In a potentially significant step for efforts to curb dominance of the app marketplace by Google and Apple, the Senate Judiciary Committee has announced that it will hold a markup this Thursday on the Open App Markets Act.
The bill’s sponsors — Democratic Senators Richard Blumenthal (Conn.) and Amy Klobuchar (Minn.) and Republican Senator Marsha Blackburn (Tenn.) — say it would protect developers’ rights to tell consumers about lower prices and offer competitive pricing; protect sideloading of apps; open up competitive avenues for startup apps, third-party app stores, and payment services; make it possible for developers to offer new experiences that take advantage of consumer device features; give consumers more control over their devices; prevent app stores from disadvantaging developers; and set safeguards to continue to protect privacy, security, and safety of consumers.
The bill seeks to “stop Apple and Google from crushing competitors and undercutting consumers,” Blumenthal said in a statement. “Breaking the ironclad grip of these two behemoths on the multibillion-dollar app market is long overdue."
The formal hearing will “bring us one step closer to holding big tech companies like Apple and Google accountable,” said Blackburn, adding: “Tech giants are forcing their own app stores on users at the expense of innovative start-ups.”
“As we have seen in Korea, the EU, the UK and the Netherlands, governmental action is necessary to bring competition to the digital marketplace and gatekeepers cannot be trusted to voluntarily self-regulate,” said the Coalition for App Fairness, in a statement about the bill markup announcement.
If enacted, the law would be enforced by the Federal Trade Commission, under its Section 5 authority overseeing unfair competition methods. Individual state attorneys general would also have the latitude to bring civil actions based on violations, and individuals, including app developers, could file suit (and get treble damages if they win).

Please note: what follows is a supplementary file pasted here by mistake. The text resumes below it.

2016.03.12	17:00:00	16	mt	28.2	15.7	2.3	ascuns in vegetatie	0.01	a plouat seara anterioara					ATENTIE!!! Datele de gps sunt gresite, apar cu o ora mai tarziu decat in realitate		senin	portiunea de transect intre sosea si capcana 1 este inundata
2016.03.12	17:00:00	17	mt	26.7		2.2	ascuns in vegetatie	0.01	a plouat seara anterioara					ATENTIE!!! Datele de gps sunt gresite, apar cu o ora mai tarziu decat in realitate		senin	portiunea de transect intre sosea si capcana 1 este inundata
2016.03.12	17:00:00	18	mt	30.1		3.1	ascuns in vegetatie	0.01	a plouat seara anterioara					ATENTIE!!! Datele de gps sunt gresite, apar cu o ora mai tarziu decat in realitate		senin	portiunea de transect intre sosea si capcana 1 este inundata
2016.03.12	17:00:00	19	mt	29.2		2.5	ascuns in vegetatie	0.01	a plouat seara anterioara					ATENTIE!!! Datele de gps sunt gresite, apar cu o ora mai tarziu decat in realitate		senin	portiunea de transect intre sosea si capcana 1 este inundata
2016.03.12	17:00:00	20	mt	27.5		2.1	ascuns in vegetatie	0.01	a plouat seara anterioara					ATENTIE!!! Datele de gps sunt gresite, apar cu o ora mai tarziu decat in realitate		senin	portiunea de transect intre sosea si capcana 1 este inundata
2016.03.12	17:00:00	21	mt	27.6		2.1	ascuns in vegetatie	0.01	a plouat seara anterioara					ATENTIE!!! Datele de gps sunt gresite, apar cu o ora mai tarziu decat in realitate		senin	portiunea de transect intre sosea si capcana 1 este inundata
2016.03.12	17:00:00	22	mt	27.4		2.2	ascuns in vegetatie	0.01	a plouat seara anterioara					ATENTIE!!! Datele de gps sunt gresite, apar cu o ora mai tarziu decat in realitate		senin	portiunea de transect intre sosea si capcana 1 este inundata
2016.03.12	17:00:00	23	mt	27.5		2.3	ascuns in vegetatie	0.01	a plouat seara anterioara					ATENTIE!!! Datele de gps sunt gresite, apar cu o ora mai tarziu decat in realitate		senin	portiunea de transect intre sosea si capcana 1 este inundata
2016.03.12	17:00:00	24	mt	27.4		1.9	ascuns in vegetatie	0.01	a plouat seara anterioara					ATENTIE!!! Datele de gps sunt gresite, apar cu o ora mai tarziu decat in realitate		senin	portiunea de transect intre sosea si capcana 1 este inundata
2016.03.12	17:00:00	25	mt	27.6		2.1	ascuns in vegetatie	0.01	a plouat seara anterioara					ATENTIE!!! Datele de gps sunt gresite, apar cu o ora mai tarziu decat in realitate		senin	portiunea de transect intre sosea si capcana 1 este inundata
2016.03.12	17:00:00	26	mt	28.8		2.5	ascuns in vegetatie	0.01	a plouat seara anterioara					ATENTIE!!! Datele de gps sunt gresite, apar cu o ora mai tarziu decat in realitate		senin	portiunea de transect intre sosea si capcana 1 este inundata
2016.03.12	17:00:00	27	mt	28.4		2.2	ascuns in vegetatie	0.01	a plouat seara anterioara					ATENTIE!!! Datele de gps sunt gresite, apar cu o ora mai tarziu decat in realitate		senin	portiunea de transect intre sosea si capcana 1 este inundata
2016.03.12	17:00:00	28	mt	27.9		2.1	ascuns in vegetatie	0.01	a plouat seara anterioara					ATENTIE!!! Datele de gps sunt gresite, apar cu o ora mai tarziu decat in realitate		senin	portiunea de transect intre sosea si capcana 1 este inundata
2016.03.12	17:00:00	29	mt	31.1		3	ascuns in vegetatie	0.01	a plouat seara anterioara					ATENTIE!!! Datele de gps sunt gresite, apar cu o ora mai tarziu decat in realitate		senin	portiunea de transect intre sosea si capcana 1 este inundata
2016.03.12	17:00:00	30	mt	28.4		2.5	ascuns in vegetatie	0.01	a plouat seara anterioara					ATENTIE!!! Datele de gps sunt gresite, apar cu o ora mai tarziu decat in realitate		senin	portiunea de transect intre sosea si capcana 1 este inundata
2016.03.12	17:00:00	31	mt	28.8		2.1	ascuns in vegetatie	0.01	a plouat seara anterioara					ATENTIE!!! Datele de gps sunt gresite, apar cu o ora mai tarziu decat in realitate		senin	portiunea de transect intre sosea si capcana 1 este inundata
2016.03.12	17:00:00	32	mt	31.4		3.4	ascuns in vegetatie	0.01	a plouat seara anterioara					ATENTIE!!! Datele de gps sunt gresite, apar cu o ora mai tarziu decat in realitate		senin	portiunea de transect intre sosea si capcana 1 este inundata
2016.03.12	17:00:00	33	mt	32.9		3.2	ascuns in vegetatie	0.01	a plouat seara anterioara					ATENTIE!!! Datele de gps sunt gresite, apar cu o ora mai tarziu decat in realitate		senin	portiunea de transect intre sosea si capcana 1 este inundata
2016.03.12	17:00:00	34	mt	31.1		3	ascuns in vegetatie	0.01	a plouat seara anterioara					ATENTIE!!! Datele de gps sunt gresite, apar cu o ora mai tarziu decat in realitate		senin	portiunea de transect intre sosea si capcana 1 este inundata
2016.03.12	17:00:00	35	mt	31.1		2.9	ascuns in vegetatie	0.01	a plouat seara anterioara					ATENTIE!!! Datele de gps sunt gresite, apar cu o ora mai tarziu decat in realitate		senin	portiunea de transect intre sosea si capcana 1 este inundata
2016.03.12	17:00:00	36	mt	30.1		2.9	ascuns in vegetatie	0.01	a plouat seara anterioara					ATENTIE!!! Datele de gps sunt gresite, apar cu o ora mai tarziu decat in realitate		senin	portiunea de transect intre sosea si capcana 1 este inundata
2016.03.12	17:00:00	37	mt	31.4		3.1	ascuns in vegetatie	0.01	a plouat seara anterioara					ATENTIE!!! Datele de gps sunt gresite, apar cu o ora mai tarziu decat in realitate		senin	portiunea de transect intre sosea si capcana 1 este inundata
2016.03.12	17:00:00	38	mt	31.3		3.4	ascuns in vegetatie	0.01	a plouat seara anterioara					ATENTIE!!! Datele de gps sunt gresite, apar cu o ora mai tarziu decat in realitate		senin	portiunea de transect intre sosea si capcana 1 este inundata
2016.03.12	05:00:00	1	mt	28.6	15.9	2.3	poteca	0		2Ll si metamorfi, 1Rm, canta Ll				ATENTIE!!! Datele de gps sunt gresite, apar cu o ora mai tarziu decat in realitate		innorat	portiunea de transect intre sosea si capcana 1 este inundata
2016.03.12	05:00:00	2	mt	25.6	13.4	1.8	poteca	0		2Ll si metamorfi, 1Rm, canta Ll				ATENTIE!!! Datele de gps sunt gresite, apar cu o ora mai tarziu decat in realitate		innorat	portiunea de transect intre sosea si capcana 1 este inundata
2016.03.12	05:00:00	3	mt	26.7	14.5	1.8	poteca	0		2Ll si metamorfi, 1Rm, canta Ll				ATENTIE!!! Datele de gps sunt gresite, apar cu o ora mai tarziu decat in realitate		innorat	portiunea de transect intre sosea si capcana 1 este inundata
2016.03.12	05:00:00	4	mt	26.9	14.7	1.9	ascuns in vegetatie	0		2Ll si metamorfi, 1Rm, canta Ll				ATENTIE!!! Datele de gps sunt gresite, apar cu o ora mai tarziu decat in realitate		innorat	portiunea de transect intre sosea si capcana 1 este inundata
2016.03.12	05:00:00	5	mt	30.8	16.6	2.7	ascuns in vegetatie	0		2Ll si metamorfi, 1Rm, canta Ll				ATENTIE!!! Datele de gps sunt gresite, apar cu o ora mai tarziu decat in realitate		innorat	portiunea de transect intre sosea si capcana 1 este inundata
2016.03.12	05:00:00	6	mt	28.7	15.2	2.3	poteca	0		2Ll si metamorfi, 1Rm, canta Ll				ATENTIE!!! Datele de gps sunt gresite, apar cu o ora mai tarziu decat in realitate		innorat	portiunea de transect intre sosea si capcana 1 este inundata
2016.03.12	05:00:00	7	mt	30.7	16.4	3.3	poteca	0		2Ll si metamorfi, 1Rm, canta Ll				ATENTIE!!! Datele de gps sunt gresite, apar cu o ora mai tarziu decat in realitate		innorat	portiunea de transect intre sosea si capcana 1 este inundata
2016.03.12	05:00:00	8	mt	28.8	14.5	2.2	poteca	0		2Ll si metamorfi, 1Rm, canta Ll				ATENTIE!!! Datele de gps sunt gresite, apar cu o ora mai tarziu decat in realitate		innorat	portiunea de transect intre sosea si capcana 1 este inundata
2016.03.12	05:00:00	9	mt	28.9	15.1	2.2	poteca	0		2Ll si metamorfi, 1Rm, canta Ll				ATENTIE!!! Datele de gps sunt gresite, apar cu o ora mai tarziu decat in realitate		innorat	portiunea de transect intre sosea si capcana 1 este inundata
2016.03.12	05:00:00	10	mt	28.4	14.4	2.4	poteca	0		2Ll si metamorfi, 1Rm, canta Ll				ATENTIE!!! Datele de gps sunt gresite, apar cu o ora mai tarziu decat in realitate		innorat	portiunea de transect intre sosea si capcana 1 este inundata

Supporters of the bill, including Consumer Reports, the Electronic Foundation and Public Knowledge, say it would ensure fairness for users and developers without compromising security or privacy.
The platforms and their supporters argue that it would (in the words of tech-industry funded group Chamber of Progress) “erode the security, trust, and convenience that consumers value in app stores and mobile devices.”
Google has argued that Android devices come preloaded with more than one app store, and app marketers can already enable downloads outside of the Google Play Store.
In early December, Apple, which has touted the economic ad innovation benefits of its app store — claiming it supports more than 2.1 million jobs across the 50 states — got a reprieve on another legal challenge to its app store practices.
Apple lost a year-long court battle with developer Epic Games last September, but on the day before Apple would have been legally forced to make policy changes to its app store, a federal appeals court ruled that Apple could delay changes until its appeals of the Epic verdict make their way through the courts — a process that could take more than a year.